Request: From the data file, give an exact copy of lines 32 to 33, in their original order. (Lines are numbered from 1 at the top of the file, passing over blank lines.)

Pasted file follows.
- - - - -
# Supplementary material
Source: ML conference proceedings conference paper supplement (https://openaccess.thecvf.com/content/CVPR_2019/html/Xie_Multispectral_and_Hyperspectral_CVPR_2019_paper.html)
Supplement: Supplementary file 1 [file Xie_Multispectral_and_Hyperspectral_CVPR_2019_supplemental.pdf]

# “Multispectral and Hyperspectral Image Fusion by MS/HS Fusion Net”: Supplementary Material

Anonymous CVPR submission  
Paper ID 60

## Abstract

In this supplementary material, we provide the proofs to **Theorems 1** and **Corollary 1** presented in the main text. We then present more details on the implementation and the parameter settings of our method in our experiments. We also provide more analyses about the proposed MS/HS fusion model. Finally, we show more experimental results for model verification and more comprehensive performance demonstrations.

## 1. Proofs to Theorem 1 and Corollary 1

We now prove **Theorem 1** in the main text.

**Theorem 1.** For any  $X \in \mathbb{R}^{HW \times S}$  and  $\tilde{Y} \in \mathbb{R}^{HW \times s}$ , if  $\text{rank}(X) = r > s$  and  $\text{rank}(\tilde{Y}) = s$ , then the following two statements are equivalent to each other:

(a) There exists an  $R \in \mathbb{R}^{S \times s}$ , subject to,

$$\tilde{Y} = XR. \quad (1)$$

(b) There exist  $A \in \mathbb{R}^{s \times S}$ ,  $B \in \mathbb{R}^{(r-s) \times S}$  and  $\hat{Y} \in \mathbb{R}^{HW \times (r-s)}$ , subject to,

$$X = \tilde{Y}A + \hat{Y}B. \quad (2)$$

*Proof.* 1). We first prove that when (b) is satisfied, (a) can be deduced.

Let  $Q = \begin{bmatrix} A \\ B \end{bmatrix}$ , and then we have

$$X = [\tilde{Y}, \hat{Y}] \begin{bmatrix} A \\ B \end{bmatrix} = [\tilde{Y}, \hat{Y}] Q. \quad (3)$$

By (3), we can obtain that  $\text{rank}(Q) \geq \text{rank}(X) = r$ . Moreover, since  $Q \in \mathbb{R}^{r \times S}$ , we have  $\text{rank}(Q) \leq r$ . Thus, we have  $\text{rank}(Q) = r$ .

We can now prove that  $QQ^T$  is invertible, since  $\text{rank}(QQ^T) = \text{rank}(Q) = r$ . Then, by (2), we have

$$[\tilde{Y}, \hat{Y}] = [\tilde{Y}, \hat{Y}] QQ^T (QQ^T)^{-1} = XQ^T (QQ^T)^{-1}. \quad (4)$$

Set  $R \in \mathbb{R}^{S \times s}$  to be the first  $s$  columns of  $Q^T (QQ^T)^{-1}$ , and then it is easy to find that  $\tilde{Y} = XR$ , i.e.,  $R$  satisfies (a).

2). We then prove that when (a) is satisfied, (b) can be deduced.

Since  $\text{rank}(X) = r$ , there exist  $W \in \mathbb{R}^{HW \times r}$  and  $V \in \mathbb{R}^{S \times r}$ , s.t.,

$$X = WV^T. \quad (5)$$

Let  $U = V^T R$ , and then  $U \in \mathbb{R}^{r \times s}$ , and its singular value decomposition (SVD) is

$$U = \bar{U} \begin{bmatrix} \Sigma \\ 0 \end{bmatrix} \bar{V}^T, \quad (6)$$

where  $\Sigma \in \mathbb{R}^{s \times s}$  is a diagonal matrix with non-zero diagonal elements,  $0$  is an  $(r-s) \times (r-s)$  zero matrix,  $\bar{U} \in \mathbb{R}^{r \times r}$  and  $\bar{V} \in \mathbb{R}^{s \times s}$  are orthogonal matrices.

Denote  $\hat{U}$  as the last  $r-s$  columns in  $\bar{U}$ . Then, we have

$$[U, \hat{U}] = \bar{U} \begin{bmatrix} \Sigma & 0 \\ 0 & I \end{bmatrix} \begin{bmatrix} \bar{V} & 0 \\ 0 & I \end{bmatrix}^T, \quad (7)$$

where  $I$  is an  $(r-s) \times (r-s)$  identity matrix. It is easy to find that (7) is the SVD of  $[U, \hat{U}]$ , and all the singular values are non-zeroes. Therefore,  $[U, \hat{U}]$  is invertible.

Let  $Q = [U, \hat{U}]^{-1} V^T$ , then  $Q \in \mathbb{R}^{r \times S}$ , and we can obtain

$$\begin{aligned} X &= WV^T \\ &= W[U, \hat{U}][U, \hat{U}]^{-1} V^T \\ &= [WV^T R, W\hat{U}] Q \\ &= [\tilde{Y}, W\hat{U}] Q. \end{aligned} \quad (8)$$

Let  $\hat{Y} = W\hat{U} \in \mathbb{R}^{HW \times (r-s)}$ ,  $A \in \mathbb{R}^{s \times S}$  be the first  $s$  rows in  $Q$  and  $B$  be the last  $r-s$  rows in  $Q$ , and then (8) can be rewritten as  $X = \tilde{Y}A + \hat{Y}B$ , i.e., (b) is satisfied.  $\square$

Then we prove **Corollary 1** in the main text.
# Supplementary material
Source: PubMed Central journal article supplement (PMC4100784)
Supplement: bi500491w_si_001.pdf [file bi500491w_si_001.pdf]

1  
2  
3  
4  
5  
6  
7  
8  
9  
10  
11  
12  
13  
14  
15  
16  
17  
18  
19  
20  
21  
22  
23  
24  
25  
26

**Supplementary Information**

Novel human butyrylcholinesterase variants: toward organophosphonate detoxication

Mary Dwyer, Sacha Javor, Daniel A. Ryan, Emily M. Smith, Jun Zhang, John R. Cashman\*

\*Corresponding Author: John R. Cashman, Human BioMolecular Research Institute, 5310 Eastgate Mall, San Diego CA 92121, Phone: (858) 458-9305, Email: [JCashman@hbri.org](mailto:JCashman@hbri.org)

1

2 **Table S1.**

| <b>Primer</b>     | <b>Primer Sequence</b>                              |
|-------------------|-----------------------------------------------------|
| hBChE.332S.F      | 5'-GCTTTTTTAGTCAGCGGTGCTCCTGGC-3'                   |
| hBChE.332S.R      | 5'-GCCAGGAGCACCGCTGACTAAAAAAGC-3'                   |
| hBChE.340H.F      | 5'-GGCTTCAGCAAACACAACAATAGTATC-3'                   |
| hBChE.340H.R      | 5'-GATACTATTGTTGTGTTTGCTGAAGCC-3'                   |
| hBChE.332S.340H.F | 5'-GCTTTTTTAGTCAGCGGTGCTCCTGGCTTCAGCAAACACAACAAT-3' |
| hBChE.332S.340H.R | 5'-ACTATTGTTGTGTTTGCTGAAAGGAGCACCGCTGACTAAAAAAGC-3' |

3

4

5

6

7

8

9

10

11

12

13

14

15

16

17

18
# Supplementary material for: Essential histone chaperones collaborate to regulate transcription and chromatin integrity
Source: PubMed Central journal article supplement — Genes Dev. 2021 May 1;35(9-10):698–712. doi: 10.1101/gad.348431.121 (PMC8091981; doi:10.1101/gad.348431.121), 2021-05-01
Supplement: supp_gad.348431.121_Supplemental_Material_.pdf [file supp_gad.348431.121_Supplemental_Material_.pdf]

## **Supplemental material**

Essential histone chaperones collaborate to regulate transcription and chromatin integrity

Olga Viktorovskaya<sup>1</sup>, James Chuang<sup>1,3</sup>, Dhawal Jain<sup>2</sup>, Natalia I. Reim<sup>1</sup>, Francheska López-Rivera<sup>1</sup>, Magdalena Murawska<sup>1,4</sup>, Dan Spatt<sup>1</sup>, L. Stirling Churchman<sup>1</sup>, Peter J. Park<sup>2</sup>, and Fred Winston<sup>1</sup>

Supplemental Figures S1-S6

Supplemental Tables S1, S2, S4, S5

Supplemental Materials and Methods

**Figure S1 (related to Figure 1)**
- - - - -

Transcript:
Let  $Q = [U, \hat{U}]^{-1} V^T$ , then  $Q \in \mathbb{R}^{r \times S}$ , and we can obtain

$$\begin{aligned} X &= WV^T \\ &= W[U, \hat{U}][U, \hat{U}]^{-1} V^T \\ &= [WV^T R, W\hat{U}] Q \\ &= [\tilde{Y}, W\hat{U}] Q. \end{aligned} \quad (8)$$